The Inter-African Coffee Organization (IACO) said on Wednesday it has jointly launched a $14.3m intervention program to alleviate the impact of COVID-19 on the continent’s coffee sector.
IACO said it has teamed up with the International Coffee Organization (ICO) and the Center for Agriculture and Biosciences International (CABI) to design an emergency intervention program to ease the pain caused by the pandemic on the sector.
The initiative aims to alleviate market disruptions, food, nutrition, and income security challenges facing millions of smallholder farmers across 11 countries for an initial three-year period, IACO secretary-general Fred Kawuma said in a statement.
“This pandemic has dealt a major blow to the coffee economy. World prices were already bad for producers at the beginning of the year before COVID-19,” he said. “The outbreak worsened the downward trend in prices to the disadvantage of vulnerable smallholder producers.”
“This is why we are working towards building resilience that will protect our producers,” Kawuma said.
The ICO projects a loss of exports valued between $100m and $200m, potentially affecting 6.6 million jobs in the coffee sector, particularly in the east Africa region.
It said COVID-19 has revealed the critical weakness of the agricultural systems in Africa, and particularly the growing concern of its coffee value chain.
According to IACO, the risk posed by COVID-19 on Africa’s agricultural sector remains critical, given the sector accounts for 23 percent of the continent’s gross domestic product, with food and agricultural exports averaging $35bn to $40bn annually.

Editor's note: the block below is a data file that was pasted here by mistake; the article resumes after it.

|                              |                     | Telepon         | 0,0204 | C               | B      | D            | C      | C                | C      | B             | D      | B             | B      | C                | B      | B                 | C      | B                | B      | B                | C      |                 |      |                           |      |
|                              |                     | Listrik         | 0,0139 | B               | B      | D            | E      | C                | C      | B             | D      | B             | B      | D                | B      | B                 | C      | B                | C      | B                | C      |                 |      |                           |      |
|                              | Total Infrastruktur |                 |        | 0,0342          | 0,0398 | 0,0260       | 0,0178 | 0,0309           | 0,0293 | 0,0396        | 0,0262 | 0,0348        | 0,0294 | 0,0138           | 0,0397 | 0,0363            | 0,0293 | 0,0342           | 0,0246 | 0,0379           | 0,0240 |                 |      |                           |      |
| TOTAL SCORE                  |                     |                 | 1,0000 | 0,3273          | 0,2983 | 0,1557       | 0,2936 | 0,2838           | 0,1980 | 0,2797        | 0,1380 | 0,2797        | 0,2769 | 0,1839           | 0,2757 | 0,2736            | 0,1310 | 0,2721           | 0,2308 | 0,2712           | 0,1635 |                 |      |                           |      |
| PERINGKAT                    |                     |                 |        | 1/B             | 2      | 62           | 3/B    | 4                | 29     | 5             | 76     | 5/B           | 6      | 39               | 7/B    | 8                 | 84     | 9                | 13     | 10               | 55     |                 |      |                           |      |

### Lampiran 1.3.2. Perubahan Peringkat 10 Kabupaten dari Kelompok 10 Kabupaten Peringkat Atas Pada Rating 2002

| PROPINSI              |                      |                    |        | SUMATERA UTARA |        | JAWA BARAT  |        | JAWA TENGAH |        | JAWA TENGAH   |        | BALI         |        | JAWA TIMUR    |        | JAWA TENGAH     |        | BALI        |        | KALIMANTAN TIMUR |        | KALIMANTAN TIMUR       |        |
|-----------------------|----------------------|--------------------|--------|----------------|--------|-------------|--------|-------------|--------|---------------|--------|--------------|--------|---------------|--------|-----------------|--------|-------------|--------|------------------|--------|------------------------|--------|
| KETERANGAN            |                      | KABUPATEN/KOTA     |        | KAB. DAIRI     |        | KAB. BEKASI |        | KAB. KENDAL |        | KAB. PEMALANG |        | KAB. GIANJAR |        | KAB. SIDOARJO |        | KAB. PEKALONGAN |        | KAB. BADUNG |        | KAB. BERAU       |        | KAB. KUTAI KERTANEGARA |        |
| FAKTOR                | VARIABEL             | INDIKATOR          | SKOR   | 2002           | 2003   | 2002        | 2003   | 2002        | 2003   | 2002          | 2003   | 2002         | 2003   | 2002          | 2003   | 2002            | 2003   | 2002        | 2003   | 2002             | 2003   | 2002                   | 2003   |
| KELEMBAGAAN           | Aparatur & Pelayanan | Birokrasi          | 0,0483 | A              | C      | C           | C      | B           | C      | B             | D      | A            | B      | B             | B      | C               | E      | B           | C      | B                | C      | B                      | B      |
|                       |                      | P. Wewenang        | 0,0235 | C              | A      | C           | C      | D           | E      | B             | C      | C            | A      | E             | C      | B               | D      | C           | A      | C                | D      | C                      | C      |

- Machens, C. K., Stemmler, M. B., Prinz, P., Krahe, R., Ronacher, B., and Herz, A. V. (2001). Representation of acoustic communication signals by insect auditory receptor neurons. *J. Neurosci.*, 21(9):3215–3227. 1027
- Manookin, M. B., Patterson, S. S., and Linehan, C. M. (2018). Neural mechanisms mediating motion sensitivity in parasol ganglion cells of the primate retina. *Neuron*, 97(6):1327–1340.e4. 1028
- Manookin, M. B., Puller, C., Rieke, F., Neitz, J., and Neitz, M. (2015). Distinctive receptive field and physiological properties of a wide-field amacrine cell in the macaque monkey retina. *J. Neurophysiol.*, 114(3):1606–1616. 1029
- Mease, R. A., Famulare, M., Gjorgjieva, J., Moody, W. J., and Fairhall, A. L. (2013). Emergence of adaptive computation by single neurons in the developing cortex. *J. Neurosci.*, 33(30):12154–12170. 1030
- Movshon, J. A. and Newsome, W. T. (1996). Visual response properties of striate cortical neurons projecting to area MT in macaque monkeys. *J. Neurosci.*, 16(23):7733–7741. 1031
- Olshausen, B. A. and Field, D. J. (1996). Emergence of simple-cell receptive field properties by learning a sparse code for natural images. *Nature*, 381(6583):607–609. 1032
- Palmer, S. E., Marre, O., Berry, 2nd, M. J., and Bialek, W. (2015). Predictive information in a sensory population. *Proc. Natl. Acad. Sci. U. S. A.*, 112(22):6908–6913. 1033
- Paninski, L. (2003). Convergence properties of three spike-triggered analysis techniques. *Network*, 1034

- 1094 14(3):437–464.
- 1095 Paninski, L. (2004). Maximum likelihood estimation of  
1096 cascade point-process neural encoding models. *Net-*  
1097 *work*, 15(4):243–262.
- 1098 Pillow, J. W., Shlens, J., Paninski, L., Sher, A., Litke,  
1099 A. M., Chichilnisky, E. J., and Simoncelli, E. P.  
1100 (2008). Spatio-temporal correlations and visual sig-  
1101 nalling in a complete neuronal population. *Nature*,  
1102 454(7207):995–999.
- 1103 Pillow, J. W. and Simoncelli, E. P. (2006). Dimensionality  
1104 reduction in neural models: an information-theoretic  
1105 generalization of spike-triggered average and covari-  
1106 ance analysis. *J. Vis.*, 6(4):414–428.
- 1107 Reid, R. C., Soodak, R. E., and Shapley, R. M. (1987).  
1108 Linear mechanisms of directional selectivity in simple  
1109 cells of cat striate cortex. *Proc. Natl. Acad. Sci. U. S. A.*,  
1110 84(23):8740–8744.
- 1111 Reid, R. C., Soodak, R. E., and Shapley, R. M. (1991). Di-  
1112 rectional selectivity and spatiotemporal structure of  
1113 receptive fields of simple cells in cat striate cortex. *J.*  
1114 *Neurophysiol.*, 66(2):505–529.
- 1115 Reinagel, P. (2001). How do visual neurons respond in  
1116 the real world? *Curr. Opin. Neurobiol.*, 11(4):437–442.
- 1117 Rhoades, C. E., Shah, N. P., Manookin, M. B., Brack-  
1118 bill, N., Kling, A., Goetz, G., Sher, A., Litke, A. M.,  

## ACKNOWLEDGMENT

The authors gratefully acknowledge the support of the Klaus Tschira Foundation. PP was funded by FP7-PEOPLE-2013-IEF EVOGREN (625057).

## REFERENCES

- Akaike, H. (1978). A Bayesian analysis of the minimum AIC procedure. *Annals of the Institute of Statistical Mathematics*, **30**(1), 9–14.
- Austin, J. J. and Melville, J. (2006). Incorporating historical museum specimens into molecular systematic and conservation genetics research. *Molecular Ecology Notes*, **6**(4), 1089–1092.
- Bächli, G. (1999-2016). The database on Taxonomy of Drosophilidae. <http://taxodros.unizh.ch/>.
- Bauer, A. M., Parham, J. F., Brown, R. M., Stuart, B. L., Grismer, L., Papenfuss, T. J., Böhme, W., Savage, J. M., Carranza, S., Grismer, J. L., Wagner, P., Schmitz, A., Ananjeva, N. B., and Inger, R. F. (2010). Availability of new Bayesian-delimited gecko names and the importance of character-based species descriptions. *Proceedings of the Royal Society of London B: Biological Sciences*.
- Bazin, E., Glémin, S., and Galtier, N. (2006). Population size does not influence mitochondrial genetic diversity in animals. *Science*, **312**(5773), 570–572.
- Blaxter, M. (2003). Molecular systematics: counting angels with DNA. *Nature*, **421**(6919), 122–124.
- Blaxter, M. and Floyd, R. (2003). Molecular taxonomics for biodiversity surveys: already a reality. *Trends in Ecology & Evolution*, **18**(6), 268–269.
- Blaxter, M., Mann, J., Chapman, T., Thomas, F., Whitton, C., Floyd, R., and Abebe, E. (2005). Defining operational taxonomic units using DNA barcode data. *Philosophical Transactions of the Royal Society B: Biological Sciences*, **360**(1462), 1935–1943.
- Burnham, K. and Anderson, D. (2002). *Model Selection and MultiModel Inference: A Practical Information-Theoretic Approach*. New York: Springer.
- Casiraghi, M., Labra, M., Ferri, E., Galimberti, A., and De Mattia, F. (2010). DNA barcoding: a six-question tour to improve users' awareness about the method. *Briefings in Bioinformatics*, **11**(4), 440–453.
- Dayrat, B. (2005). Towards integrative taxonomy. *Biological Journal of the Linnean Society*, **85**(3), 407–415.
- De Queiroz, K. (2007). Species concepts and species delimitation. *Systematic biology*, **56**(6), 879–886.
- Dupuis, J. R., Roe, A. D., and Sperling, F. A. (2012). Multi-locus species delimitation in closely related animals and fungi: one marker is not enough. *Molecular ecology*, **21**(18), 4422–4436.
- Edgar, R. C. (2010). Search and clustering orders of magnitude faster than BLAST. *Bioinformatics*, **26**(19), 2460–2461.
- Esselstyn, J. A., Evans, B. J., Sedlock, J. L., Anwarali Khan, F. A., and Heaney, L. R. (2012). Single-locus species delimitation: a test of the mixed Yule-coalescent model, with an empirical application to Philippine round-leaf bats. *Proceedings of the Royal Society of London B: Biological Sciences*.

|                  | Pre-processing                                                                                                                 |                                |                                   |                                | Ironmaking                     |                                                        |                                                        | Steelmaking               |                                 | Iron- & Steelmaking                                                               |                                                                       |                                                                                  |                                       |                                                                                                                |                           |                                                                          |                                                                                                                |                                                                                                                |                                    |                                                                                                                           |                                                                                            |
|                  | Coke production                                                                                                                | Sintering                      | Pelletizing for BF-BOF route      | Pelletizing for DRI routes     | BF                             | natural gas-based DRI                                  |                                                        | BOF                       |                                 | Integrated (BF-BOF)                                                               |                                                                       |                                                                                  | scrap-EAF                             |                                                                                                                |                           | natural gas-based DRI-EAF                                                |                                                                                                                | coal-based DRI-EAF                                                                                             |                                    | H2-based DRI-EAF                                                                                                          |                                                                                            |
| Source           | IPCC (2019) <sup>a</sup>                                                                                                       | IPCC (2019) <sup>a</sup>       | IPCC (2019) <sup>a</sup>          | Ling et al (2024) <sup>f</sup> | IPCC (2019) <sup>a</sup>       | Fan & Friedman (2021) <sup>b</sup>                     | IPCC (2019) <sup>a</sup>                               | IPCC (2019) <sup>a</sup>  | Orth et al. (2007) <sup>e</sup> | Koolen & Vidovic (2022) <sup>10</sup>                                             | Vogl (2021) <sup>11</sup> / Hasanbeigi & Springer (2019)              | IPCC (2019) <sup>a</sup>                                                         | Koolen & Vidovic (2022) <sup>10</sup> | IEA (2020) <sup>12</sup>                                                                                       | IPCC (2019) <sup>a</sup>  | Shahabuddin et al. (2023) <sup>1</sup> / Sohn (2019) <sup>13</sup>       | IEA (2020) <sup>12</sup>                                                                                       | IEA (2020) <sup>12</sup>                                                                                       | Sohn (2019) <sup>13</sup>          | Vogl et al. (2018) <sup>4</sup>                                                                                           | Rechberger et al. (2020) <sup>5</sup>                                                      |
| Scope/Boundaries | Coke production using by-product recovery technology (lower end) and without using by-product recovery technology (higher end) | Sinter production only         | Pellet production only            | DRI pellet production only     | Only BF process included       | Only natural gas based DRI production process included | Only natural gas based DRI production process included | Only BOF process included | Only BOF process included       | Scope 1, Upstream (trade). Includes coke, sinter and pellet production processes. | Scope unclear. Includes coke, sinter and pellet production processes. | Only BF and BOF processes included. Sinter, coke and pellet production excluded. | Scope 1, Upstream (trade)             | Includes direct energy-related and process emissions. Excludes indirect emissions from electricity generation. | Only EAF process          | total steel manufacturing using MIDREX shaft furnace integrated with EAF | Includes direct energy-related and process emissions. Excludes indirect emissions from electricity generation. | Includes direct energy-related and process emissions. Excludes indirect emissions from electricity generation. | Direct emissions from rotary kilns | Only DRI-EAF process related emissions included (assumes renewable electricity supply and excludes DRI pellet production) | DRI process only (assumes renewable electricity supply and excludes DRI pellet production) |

Out of this, agricultural products, including coffee and food, worth $8bn flow through intra-regional trade every year, according to a McKinsey’s report calling for the need to safeguard Africa’s food systems against the pandemic.
The organizations said the program adds to support systems and agricultural practices that will ensure sustainable intensification of smallholder coffee farming systems in a manner that ensures income security devoid of the price shocks in the international markets, guarantee food and nutrition security of the smallholder systems, and promote the creation of entrepreneurial jobs beyond farming, both in the rural and urban areas.
Activities along the entire value chains across the continent have been disrupted, leading to stockpiling of coffee at farm levels, reduced price to growers, reduced domestic consumption due to closures of coffee roasting units, cessation of movements and meetings, and closure of distribution outlets.
Denis Seudieu, chief economist of the ICO, said the program will focus on building a system where coffee smallholders are enabled to earn living incomes by systematically incorporating high-value nutritious crops that provide income during off-seasons.
“It will consequently ensure that producing countries remain food secure amid reduced food imports due to COVID-19 and mitigate any future disruptions,” Seudieu said.
The organizations said the resilience created will make operators eligible for loan financing requests and the ability to consolidate their investments, thus creating business for the banks.
“In addition to ensuring income, food and nutrition security, the proposed complementary crops will form the basis for developing rural-based small and medium enterprises in aggregation, grading, packaging and distribution of coffee and produce from the associated crops,” said CABI regional director Morris Akiri.